Or, we have to watch ourselves being ignored while we watch the men around us look at other women that way. When it’s your partner, or someone you see as a potential partner, it’s not real fun. I’ve broken up with every guy who has behaved that way around me. Luckily, that was only four guys. I know that I have had a more positive view of men than a lot of women I know, and sometimes I wonder if it’s because I rarely attract that kind of guy — men who objectify women.

      For some reason guys with your mindset think that if they were born female they would have the sort of looks that would attract the kind of attention described in that first paragraph. It reminds me of Dustin Hoffman when he transformed into a woman to play Tootsie. He said to his make-up artists, “You made me a woman. Now make me an attractive woman,” and was told that this was the best they could do. And then he realized all of the women he overlooked and didn’t pay any attention to because they were not hot. And that he could never be hot. And he thought that Tootsie was a woman who was very much worth getting to know. After that, he decided he should expand out and try to get to know a wider variety of women.

      I very much appreciate your comment. I’ll have to write about this topic sometime.

  4. Why are there no “cat calls” from women to men?

    • From what I’ve read, guys who cat call are really doing it for guys, and not girls. There is very little chance he will get positive feedback from women. So actually, he’s demonstrating his manhood to other guys: I’m a man who likes women, I objectify women (and in that way assert my dominance — me as subject, her as object).

      Women have no similar motive. That’s not a way to prove your womanhood. And women are under no pressure to prove their womanhood, anyway. Because who needs to prove that they aren’t the superior, dominant ones?

      Thanks for the question. I’ll have to write about this.

      • A rare occasion where the case is reversed.
        In strip clubs men are very disciplined, they make no comments at all and of course no cat calls, they are pretty much silent. They don’t touch a stripper unless they get permission.
        But women in strip clubs make cat calls and scream at male strippers and they are free to touch the strippers.
        Why when some women go to strip clubs they change their behavior so much?
        Are they trying to prove their womanhood?

      • The men and women going to strip clubs are having completely different experiences. Although there is some overlap in motive. And of course, not everyone is going for the same reason — which is more true of the men.

        Men going to strip clubs may want an erotic experience. They may want to feel close to a woman sexually, in a way that they can’t in real life. They may feel lonely and want some womanly contact. Some of these guys aren’t in relationships. Others are, but their wives’ bodies no longer create a fetish effect. And it’s not that the women’s bodies have changed. The fetish is created through tension between wanting something and not being able to have it. Selectively hiding and revealing. When you have been with the same woman for a while it goes away. And that is part of the downside of objectification for women. Now her partner is finding other women more interesting/erotic than her. The strippers give her husband something that she can’t any longer, and it sucks. Other guys are doing male bonding. And in doing this, many are creating a sense of male superiority by going to a place where men are clothed and women are nude (more vulnerable), men are subjects and women are objects that exist to pleasure men.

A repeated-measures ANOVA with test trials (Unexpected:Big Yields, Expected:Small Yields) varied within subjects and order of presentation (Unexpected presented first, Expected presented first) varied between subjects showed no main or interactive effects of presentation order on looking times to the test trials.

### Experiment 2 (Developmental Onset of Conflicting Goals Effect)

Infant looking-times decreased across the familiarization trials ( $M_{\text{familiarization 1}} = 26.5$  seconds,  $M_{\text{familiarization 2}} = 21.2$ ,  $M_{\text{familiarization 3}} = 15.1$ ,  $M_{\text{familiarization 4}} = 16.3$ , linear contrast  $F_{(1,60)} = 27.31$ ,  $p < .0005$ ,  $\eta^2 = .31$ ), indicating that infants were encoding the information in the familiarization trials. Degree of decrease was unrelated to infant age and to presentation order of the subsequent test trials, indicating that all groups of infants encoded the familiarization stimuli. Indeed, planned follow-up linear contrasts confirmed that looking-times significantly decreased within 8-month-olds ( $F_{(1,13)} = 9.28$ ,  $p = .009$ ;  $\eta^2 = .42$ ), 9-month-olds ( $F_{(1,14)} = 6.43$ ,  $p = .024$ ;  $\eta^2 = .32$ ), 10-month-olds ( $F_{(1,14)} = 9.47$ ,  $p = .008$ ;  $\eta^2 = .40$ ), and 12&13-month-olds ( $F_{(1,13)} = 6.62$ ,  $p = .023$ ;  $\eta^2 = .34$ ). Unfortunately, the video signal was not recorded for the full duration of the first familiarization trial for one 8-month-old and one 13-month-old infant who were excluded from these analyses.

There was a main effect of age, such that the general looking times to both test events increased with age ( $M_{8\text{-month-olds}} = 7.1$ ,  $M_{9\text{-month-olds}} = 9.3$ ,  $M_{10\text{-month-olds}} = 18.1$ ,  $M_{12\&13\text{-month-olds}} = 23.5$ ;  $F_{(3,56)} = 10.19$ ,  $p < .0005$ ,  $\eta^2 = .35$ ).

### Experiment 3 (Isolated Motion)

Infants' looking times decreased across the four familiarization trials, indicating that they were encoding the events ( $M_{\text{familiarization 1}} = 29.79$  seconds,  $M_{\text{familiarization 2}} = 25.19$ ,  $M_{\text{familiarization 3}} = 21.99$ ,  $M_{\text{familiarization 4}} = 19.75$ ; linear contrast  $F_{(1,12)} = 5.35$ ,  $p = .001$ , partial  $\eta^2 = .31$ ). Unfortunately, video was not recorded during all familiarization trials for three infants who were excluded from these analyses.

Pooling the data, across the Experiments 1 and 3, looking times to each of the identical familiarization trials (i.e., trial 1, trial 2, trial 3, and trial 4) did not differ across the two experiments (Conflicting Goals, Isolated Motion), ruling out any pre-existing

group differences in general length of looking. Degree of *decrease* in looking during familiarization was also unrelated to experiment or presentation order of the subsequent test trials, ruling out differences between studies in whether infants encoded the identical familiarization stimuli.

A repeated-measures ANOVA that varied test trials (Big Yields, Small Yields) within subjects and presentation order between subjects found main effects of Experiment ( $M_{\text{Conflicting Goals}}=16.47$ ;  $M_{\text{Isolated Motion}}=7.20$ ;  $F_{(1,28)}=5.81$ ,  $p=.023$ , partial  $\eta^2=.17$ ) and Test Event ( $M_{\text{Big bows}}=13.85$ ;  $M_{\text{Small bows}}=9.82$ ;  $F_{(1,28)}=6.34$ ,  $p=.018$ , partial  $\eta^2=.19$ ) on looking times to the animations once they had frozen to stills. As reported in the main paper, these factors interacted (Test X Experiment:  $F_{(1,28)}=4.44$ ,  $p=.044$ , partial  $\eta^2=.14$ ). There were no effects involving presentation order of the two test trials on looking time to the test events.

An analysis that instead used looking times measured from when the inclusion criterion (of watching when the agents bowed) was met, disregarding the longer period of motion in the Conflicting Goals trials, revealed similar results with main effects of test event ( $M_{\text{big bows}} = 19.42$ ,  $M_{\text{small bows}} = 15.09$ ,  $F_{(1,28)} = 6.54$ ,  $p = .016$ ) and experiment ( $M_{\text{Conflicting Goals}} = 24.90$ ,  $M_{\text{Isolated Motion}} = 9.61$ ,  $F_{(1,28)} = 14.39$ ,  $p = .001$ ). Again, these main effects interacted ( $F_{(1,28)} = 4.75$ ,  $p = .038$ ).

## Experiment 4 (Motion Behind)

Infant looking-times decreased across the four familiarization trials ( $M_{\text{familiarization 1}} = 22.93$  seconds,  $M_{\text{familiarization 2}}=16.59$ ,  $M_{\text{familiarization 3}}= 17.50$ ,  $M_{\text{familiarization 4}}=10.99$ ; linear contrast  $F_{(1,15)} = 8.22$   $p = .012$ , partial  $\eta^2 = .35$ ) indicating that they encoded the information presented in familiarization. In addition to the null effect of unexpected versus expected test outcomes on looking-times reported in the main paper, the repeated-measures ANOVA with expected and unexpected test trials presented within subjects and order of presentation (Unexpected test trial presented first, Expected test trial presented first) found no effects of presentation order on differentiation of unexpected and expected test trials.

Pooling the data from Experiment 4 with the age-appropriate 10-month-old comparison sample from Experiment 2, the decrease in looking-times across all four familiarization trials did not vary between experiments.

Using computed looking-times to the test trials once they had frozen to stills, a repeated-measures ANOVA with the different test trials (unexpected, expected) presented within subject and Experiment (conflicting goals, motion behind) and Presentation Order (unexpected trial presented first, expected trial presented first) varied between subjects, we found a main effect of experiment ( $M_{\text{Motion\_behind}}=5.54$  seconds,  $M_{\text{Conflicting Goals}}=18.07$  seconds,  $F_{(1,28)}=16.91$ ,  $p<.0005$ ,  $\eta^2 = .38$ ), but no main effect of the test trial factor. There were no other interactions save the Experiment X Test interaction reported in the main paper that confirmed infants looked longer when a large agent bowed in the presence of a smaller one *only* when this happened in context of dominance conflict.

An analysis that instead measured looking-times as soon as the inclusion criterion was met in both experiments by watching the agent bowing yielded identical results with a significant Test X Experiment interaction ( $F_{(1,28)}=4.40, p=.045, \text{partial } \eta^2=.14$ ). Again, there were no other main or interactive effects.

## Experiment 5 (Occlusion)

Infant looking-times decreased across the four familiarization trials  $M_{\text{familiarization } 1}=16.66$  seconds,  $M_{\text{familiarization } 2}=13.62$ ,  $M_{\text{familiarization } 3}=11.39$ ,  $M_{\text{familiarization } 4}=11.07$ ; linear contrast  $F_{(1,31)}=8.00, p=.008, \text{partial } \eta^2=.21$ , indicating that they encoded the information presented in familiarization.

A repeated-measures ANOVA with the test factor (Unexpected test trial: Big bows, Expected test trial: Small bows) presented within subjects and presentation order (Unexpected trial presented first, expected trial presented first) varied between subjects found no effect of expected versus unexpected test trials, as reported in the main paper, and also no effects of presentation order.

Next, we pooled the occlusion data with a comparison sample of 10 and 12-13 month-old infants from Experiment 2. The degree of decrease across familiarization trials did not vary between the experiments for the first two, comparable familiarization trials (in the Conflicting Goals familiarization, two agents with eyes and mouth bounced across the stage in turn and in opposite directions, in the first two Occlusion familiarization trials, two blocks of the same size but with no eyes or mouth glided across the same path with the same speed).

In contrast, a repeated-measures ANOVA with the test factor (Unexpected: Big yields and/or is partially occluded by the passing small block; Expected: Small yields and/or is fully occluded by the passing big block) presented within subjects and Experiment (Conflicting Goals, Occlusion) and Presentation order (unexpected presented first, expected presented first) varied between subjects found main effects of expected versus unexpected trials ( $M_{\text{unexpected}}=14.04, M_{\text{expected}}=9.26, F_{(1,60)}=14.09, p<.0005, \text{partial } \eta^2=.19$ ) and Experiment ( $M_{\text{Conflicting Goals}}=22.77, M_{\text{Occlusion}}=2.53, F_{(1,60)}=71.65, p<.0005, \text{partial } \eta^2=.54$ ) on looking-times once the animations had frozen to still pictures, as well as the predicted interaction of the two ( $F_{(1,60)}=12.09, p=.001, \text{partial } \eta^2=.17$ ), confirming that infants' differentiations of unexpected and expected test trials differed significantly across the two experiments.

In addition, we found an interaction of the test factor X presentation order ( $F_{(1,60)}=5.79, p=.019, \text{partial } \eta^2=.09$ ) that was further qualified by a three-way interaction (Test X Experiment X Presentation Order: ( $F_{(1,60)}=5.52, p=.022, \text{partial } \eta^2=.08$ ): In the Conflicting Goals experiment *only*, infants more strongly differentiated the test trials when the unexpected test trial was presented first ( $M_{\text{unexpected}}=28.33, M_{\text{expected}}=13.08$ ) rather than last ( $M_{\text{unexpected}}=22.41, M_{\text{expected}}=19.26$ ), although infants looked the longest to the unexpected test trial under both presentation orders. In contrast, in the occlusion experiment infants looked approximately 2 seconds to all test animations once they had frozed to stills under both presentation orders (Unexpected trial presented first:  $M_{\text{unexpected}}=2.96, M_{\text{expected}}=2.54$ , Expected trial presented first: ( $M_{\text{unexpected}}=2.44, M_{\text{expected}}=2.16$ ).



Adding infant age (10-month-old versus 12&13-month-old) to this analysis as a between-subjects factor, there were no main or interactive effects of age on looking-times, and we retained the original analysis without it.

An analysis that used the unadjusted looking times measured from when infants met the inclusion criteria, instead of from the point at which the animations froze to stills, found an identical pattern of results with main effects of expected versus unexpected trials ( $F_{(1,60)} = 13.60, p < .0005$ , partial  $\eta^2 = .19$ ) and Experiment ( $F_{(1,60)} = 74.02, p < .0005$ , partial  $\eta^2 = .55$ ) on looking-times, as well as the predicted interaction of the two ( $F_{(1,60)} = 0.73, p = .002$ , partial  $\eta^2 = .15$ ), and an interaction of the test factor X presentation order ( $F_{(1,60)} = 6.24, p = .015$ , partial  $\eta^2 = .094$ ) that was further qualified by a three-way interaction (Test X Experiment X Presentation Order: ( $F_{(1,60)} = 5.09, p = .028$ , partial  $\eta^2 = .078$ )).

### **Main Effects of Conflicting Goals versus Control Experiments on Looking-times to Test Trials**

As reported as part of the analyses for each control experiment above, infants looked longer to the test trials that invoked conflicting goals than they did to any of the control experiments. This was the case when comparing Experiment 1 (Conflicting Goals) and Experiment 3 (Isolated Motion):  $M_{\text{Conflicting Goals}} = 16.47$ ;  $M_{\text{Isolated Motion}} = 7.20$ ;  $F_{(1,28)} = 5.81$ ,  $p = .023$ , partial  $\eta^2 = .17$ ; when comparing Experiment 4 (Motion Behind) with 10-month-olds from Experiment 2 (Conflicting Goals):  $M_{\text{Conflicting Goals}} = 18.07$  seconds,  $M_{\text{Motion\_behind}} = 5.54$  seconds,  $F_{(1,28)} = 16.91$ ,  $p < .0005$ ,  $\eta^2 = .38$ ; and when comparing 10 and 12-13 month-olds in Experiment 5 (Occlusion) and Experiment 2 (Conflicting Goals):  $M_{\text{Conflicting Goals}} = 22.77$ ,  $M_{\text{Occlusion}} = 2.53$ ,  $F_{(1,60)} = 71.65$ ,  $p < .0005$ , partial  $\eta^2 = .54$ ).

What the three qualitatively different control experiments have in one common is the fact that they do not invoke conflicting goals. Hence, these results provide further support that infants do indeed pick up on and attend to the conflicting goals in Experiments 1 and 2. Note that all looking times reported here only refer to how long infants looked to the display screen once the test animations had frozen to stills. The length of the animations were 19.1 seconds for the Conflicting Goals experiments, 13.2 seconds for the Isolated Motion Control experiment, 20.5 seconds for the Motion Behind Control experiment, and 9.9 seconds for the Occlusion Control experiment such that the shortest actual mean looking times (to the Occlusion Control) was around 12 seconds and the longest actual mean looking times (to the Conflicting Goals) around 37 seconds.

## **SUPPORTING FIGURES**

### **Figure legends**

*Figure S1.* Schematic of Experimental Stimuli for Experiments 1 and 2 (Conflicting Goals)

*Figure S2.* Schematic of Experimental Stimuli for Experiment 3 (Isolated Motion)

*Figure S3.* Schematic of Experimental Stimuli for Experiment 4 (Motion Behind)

By contrast, a lot of women going to a male strip club are going for that last reason. They aren’t proving their womanhood, because in our culture we rank men above women. Why would you want to prove you are inferior? It’s more like they are proving their manhood — really, saying, “I can demean men, too.” Now I’m subject and he’s object. I’m wearing clothes and he is naked. A lot of other women are just doing female bonding with the girls. Your friends are doing it and so you’re going along. It’s not that erotic.

  5. This is one of the areas that easily is taken for granted. Is it a compliment if a woman feels uncomfortable, violated or anything negative? Who is the compliment for the benefit of, the recipient or the person giving it? Important to think about and be aware of. (btw- did u see the recent article about how the Tour de France winner tried to kiss one of the women on the podium and she rebuffed him and she is being called a bitch. But the US soccer player rebuffed a hug from a male fan and he didn’t seem to get any flack about it at all). Not street harassment, necessarily, but it is something.

  6. This reminds me of a single experience at the convention I just went to. I was dressed up and looked awesome. People kept wanting my picture and and I was having a blast. As I walked past a group of guys, one called out the name of the character I was dressed as and asked for a high five. I was happy to comply, thrilled yet again that my cosplay was so recognizable. As I walked away, I heard one of the guys whisper to the other, “you should get a picture of her butt.”

    I don’t know if it was the way it was said or what, but it suddenly made me very uncomfortable. They could have asked for a picture and I would have been happy to strike a pose in character. That whisper just seemed so backhanded. But I had girl friends who told me they’d love if someone said that to them and that I should take it as a compliment. I know there is street harassment that is far more serious than that, because I’ve taken the walk described at the beginning here many times. How can we differentiate between compliments and harassment when the words used for both are often the same?

    • Yeah, I’ve done the walk she describes, too.

      You mention the attitude, which makes a difference. 90%+ of communication is tone. Plus, being outnumbered, as often happens, can feel threatening.

  7. Critical Matter and we need to do the necessary!